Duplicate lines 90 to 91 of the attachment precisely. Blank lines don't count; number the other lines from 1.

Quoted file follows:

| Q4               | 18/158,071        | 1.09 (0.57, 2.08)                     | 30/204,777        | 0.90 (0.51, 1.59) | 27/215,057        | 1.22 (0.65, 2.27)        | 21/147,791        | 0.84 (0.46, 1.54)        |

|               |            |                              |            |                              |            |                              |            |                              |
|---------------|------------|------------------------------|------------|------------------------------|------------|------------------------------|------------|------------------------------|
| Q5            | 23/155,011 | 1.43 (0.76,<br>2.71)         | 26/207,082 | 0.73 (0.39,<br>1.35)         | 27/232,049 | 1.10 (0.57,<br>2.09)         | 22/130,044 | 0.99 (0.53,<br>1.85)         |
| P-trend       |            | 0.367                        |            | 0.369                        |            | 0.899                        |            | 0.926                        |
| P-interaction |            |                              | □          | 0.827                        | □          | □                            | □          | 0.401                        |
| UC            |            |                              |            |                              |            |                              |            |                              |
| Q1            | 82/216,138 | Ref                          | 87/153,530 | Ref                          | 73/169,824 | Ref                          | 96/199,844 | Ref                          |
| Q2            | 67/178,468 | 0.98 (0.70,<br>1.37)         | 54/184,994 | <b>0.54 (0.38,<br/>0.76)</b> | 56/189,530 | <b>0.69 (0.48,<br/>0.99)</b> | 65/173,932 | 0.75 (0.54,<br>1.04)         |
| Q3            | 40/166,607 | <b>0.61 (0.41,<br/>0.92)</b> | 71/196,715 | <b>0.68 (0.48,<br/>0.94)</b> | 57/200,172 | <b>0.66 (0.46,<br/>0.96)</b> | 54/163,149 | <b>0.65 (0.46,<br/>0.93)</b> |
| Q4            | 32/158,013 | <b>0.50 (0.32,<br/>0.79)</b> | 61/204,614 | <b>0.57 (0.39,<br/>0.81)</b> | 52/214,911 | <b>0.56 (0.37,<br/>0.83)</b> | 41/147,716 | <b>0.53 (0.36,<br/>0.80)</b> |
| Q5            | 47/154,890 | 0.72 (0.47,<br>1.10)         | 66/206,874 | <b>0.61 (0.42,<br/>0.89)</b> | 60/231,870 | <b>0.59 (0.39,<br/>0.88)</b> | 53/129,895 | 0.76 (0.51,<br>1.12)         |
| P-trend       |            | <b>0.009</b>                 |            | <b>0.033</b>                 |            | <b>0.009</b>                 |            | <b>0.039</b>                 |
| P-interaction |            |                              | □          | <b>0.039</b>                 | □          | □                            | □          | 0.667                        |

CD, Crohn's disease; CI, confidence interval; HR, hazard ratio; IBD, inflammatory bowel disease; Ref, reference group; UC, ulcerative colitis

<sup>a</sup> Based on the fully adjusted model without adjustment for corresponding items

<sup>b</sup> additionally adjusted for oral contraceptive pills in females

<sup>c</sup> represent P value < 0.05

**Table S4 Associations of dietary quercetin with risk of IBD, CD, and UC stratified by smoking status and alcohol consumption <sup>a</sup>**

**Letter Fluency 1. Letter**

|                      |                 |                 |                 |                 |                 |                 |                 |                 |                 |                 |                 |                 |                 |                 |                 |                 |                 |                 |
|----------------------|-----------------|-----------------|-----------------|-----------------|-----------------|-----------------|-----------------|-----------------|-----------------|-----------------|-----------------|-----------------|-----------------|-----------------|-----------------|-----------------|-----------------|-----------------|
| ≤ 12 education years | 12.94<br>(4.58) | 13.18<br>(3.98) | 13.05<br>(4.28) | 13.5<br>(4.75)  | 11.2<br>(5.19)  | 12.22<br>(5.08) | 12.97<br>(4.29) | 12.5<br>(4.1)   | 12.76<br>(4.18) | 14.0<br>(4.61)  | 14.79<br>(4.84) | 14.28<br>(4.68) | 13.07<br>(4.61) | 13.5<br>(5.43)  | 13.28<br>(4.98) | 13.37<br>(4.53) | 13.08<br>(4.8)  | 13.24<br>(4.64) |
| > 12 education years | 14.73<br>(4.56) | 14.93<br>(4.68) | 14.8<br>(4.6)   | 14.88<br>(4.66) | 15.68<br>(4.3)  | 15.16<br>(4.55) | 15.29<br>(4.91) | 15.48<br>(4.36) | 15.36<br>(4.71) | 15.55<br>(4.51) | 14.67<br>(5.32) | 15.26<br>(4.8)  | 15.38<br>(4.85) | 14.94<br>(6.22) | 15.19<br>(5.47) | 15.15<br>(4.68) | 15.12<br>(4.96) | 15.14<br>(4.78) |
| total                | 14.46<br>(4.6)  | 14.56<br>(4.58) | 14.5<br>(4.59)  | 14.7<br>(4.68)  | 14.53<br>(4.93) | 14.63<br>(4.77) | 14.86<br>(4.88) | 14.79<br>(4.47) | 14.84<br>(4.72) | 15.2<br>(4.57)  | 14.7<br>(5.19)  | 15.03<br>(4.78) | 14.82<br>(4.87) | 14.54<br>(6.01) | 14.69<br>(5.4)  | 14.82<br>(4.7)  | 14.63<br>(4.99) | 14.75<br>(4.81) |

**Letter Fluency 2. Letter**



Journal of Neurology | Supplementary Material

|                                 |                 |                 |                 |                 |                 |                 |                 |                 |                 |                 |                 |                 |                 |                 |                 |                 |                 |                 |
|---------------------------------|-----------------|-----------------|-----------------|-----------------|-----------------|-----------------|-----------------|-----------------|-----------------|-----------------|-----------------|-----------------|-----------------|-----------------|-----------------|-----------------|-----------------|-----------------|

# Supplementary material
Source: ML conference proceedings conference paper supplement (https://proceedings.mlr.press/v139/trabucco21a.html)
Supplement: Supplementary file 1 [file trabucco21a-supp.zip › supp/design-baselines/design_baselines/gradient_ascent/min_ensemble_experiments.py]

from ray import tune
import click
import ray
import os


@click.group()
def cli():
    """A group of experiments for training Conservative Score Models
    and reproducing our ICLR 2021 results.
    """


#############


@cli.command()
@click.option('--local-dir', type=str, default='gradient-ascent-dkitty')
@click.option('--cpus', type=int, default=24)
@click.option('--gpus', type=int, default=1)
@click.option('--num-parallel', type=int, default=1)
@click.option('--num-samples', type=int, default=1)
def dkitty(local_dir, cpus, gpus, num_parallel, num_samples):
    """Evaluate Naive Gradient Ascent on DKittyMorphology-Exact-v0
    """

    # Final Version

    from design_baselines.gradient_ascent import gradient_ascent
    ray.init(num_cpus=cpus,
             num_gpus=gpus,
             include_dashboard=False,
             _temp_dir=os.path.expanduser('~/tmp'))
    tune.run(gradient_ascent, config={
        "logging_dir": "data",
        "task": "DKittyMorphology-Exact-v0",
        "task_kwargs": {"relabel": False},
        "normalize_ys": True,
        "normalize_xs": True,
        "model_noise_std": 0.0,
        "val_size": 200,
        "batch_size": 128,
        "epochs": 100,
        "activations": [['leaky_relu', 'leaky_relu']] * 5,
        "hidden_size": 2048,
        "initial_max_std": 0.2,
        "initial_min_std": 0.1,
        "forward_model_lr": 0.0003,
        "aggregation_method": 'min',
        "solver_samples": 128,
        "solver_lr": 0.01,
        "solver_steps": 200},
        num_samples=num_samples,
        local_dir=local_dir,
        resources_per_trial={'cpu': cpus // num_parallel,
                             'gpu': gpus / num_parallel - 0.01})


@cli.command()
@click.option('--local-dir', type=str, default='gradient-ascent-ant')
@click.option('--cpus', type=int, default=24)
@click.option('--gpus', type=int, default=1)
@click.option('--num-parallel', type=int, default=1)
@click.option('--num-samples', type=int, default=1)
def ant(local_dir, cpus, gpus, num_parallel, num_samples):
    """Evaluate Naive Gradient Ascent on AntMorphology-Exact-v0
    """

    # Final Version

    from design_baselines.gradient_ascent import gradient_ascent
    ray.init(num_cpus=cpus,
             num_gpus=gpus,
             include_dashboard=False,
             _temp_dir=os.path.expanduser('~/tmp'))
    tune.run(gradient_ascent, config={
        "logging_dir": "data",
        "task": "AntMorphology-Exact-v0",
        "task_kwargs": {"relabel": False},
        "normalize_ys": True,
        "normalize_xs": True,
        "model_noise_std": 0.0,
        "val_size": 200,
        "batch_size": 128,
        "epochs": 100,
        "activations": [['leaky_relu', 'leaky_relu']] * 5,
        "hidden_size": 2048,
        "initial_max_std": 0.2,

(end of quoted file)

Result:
    # Final Version

    from design_baselines.gradient_ascent import gradient_ascent